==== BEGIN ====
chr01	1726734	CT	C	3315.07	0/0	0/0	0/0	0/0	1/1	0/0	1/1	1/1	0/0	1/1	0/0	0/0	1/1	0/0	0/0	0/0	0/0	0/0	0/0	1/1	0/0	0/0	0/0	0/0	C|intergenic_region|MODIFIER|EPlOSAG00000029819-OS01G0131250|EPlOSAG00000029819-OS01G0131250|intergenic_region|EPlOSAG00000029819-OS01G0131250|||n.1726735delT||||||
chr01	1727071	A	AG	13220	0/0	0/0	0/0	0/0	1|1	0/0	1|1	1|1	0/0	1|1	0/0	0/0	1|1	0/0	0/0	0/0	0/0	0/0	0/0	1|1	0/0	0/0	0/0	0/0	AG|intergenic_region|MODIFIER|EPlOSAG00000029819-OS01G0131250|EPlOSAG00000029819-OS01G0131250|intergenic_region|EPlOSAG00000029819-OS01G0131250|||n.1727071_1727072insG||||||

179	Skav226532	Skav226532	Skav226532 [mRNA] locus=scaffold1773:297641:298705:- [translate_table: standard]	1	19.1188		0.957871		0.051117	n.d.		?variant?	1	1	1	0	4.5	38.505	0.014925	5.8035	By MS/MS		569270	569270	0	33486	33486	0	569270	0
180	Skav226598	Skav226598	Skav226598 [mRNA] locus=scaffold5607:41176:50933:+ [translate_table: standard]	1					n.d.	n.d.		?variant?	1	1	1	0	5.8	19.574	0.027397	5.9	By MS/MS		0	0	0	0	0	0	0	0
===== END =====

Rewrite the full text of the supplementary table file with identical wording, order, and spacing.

chr01	1726734	CT	C	3315.07	0/0	0/0	0/0	0/0	1/1	0/0	1/1	1/1	0/0	1/1	0/0	0/0	1/1	0/0	0/0	0/0	0/0	0/0	0/0	1/1	0/0	0/0	0/0	0/0	C|intergenic_region|MODIFIER|EPlOSAG00000029819-OS01G0131250|EPlOSAG00000029819-OS01G0131250|intergenic_region|EPlOSAG00000029819-OS01G0131250|||n.1726735delT||||||
chr01	1727071	A	AG	13220	0/0	0/0	0/0	0/0	1|1	0/0	1|1	1|1	0/0	1|1	0/0	0/0	1|1	0/0	0/0	0/0	0/0	0/0	0/0	1|1	0/0	0/0	0/0	0/0	AG|intergenic_region|MODIFIER|EPlOSAG00000029819-OS01G0131250|EPlOSAG00000029819-OS01G0131250|intergenic_region|EPlOSAG00000029819-OS01G0131250|||n.1727071_1727072insG||||||

179	Skav226532	Skav226532	Skav226532 [mRNA] locus=scaffold1773:297641:298705:- [translate_table: standard]	1	19.1188		0.957871		0.051117	n.d.		?variant?	1	1	1	0	4.5	38.505	0.014925	5.8035	By MS/MS		569270	569270	0	33486	33486	0	569270	0
180	Skav226598	Skav226598	Skav226598 [mRNA] locus=scaffold5607:41176:50933:+ [translate_table: standard]	1					n.d.	n.d.		?variant?	1	1	1	0	5.8	19.574	0.027397	5.9	By MS/MS		0	0	0	0	0	0	0	0